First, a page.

Ahem? In terms of seniority, she's got most of the team beat. Based on her dialogue with Loki in the first film, I'm guessing Hawkeye was the first member of the modern Avengers and he recruited her after he "made a different call" when sent to Russia to assassinate her. This would have probably been before Tony Stark became Iron Man, or possibly soon afterward given that her first appearance in the Marvel movies is in Iron Man II. Although The Incredible Hulk was the second Marvel Cinematic Universe movie, he did not become an actual Avenger until the events of the 2012 Avengers film. The same with Thor, even though he was introduced earlier. So basically she's either the second or the third member of the team, before Thor, Hulk, and Captain America.

Do the powers that be in the realm of merchandise think that boys won't play with Black Widow toys or want Black Widow on their backpacks? Or do they think people will complain about the tightness of her clothes? I admit I was rather sexist back in the day, but that was in the early 1990s. From my observation of little kids these days, boys and girls seem much more willing to play together--and even if boys still disdain Barbies, they'd still love the Avengers. And social conservatism has been in decline, so I don't think there'd be as many complaints as there might have been in the 1990s or 1980s.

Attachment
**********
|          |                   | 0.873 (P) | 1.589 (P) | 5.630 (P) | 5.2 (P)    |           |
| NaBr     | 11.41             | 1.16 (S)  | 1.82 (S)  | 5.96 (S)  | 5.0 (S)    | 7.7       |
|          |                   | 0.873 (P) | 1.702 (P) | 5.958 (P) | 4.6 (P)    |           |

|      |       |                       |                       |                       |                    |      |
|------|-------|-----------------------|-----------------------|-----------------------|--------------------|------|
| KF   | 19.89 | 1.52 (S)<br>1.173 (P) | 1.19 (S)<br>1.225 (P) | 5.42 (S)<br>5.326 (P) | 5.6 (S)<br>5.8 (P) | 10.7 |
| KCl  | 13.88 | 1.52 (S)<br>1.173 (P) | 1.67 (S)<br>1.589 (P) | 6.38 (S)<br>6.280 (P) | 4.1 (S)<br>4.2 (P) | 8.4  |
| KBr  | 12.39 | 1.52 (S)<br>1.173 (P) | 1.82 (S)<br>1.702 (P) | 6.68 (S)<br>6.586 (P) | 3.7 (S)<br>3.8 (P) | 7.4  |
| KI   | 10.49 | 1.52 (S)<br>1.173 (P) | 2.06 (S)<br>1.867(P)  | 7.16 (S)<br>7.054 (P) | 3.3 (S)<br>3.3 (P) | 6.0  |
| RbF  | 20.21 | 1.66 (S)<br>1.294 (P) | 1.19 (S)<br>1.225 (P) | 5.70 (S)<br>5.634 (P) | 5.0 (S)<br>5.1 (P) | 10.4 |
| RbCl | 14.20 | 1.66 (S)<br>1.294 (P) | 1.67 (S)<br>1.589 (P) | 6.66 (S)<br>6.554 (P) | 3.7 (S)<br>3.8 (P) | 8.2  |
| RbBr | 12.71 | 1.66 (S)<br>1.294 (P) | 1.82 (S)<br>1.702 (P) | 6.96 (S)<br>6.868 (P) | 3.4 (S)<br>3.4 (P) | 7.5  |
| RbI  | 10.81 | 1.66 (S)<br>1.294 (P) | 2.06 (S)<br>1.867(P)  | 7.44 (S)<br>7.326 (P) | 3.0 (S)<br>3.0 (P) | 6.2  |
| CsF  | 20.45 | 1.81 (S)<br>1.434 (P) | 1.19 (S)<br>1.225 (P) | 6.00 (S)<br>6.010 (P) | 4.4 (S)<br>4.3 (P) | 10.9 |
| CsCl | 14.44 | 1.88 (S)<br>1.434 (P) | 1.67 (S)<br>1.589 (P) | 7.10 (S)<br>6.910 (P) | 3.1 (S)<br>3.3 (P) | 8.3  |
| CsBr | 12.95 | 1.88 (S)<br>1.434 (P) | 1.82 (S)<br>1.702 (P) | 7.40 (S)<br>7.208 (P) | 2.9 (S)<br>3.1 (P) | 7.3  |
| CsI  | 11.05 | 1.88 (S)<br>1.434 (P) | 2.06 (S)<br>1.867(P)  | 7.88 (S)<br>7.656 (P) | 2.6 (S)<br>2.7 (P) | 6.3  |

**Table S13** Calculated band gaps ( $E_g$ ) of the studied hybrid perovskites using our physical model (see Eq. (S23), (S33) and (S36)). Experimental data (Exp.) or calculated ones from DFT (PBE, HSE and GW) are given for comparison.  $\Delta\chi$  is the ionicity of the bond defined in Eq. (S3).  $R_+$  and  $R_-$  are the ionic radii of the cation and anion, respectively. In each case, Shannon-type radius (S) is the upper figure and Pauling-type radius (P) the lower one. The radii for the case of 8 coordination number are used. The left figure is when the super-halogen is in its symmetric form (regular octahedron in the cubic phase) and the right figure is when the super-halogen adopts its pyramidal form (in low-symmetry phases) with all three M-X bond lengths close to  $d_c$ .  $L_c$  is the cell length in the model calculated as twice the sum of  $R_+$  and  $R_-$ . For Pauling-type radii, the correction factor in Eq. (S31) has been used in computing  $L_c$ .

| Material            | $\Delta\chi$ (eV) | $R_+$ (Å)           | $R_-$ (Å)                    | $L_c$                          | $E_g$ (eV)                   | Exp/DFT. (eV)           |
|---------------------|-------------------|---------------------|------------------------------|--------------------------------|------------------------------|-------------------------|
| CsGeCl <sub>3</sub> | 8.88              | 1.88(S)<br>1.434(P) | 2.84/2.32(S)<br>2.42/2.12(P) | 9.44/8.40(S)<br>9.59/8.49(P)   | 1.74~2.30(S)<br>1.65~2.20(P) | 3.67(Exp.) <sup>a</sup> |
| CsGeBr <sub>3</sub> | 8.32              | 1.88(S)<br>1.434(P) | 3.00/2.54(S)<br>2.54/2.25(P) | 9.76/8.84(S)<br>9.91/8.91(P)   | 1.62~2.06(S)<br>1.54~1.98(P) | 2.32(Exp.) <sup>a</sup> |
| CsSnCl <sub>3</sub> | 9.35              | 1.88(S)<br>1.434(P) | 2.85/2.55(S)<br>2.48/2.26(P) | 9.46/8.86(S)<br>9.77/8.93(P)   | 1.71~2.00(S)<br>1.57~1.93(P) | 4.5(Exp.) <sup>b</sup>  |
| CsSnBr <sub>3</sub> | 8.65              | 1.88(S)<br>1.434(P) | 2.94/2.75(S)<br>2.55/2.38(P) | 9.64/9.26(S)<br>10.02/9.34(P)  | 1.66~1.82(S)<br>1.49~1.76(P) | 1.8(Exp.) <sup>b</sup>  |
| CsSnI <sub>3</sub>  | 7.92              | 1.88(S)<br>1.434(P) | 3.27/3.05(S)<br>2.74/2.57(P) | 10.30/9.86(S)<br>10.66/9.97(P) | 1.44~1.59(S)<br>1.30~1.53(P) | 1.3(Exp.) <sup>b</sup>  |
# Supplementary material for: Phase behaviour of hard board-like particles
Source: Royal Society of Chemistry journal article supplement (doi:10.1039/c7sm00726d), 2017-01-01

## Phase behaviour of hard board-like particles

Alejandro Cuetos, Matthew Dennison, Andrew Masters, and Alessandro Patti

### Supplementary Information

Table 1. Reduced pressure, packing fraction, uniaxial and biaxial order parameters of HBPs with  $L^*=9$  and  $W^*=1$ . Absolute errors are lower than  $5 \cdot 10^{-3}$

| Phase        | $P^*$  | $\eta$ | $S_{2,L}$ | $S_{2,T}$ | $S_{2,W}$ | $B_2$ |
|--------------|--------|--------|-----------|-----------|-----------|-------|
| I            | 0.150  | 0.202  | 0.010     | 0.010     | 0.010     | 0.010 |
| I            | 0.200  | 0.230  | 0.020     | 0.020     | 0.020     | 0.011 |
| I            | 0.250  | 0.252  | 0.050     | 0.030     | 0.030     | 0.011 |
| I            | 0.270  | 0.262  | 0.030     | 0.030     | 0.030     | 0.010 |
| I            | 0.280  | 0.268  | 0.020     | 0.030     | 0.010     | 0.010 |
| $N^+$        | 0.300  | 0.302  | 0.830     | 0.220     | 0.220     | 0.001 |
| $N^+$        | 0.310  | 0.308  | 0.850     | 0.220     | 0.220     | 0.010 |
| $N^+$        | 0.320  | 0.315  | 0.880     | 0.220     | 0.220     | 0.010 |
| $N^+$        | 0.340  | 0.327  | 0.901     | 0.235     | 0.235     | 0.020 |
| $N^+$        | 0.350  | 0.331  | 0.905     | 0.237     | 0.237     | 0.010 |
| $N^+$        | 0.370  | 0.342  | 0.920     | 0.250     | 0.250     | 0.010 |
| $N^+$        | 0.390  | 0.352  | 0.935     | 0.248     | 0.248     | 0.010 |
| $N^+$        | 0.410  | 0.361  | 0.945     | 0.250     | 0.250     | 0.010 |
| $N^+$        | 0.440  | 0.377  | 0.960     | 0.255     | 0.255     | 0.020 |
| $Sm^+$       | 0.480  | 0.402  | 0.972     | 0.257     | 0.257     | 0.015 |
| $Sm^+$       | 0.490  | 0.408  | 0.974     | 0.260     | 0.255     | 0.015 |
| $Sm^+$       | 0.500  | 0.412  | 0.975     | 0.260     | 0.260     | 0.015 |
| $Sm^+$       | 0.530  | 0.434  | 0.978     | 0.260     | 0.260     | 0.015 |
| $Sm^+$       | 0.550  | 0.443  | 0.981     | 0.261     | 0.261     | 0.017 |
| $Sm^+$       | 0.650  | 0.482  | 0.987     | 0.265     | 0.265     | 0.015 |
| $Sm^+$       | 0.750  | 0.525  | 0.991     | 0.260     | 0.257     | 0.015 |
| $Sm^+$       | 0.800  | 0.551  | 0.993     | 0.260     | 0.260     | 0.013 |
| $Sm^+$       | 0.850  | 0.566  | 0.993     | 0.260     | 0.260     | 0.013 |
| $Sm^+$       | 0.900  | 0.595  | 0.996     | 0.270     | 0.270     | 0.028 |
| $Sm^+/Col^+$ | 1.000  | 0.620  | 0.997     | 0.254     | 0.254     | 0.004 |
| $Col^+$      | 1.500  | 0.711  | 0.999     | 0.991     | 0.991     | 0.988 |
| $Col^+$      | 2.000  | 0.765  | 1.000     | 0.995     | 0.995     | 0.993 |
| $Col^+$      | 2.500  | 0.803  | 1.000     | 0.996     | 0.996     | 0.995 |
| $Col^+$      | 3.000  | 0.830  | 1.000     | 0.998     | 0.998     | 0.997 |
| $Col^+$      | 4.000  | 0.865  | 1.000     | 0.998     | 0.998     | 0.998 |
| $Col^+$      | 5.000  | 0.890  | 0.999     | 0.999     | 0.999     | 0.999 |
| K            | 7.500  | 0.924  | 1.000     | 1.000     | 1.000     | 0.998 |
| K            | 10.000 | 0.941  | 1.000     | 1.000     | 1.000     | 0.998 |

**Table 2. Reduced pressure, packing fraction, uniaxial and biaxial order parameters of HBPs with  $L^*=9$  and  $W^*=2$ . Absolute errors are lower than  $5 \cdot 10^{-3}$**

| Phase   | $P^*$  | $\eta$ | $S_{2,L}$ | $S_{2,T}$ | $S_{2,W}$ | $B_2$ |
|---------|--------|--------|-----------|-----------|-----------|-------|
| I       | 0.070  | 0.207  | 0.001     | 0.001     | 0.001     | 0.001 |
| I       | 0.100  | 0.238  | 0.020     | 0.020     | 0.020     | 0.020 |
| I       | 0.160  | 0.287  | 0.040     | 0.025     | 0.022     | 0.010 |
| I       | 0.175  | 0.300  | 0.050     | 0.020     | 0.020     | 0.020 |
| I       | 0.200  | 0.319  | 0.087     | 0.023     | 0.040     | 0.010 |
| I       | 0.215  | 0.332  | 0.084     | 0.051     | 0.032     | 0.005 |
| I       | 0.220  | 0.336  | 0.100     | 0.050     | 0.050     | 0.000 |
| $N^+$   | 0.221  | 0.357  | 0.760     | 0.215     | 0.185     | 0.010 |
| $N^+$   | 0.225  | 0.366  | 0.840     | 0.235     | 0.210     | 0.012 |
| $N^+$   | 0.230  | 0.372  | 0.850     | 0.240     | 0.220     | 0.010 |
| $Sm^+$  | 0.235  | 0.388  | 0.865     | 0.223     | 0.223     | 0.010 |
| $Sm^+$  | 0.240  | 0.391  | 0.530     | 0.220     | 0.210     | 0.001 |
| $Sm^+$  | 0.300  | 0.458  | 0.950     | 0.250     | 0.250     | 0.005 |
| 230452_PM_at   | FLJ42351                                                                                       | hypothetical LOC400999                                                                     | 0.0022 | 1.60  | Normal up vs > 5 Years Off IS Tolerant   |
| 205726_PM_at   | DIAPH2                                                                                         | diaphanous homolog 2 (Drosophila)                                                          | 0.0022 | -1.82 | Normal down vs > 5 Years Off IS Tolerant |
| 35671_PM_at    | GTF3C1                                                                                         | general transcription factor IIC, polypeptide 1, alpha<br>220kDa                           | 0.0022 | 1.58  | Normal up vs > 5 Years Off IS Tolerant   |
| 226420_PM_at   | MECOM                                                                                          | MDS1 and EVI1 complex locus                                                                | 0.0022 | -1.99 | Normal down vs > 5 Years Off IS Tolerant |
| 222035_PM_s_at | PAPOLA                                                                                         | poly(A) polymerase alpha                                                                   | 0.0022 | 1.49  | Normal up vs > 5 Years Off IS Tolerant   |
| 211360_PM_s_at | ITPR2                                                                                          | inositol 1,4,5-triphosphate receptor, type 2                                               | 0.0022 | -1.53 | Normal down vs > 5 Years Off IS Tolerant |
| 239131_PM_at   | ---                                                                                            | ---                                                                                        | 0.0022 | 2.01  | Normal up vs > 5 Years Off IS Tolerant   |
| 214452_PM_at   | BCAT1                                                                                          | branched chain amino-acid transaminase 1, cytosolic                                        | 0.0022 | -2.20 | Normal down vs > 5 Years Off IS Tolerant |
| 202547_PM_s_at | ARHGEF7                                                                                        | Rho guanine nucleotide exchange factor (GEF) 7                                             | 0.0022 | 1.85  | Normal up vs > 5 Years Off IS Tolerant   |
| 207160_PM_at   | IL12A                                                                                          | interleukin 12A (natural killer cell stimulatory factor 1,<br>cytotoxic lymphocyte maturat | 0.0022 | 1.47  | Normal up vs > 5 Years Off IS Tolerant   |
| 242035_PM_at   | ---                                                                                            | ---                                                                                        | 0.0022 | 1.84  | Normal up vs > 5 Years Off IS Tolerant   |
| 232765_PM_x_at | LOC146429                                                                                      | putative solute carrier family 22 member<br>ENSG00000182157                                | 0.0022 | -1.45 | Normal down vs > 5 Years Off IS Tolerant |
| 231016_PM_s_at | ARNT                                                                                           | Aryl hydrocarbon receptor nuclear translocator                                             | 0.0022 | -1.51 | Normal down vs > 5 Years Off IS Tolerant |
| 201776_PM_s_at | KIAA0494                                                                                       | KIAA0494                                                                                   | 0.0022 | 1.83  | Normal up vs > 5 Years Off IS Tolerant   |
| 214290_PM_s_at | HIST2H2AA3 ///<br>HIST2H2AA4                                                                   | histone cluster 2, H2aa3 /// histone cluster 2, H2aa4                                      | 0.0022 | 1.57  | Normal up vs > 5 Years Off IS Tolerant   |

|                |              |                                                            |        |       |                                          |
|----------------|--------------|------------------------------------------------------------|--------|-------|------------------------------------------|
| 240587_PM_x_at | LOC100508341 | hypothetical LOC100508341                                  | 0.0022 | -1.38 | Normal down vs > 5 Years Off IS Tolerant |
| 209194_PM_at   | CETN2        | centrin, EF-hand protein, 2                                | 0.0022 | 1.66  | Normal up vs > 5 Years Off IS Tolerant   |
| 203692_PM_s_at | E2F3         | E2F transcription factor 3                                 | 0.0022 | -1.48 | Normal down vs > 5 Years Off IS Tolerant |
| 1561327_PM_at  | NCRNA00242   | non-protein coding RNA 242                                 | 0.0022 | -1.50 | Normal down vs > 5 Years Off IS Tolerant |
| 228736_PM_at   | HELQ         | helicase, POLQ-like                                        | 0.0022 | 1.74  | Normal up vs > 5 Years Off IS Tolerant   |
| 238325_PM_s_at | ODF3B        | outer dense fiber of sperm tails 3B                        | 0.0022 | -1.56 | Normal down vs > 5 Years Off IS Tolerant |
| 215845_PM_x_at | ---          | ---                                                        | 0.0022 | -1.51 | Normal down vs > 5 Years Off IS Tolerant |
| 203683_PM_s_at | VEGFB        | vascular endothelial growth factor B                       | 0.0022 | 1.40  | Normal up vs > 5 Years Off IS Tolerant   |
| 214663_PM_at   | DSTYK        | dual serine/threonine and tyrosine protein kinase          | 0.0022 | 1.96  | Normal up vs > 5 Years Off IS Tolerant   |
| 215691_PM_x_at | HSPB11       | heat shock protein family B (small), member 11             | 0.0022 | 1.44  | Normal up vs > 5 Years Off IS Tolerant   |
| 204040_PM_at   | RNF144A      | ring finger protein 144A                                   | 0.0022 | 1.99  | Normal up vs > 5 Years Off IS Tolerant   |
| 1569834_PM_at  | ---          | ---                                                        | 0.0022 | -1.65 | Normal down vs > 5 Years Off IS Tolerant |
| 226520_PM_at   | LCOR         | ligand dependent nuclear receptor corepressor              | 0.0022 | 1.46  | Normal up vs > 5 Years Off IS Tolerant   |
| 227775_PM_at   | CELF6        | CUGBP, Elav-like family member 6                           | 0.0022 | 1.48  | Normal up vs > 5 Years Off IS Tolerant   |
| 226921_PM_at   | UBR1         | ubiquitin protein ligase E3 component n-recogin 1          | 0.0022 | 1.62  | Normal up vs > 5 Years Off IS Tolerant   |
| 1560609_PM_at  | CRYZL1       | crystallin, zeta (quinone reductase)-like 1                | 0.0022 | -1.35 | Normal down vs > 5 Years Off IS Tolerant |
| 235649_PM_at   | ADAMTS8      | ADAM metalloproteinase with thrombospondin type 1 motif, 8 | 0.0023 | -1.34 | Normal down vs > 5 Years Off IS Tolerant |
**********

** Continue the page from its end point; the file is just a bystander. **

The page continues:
In any event, as female geek organizations like the Legion of Leia, Heroic Girls, etc. have pointed out, there're a lot of girls who'd love a Black Widow toy or Black Widow swag who aren't happy campers. See these two disappointed little munchkins here. Furthermore, Mark Ruffalo (you know, the Hulk) agrees.

So yeah, SJWs need to lay off Joss Whedon himself, but it looks like whoever's in charge of marketing needs a bit of a kick in the pants. Lack of action-girl/geek girl role models for little girls who haven't drunk the princess Kool-Aid strikes me as a much bigger problem than whether or not the Black Widow mourns the fertility the Communists (or, given that she's depicted as a teen in the Red Room and Winter Soldier states she was born in 1984, the Putinists?) stole from her. Here's a petition you can sign to help let Marvel know they need to do better. Lest anybody disdain signing petitions, has racked up some big successes over the years. And Marvel is already listening.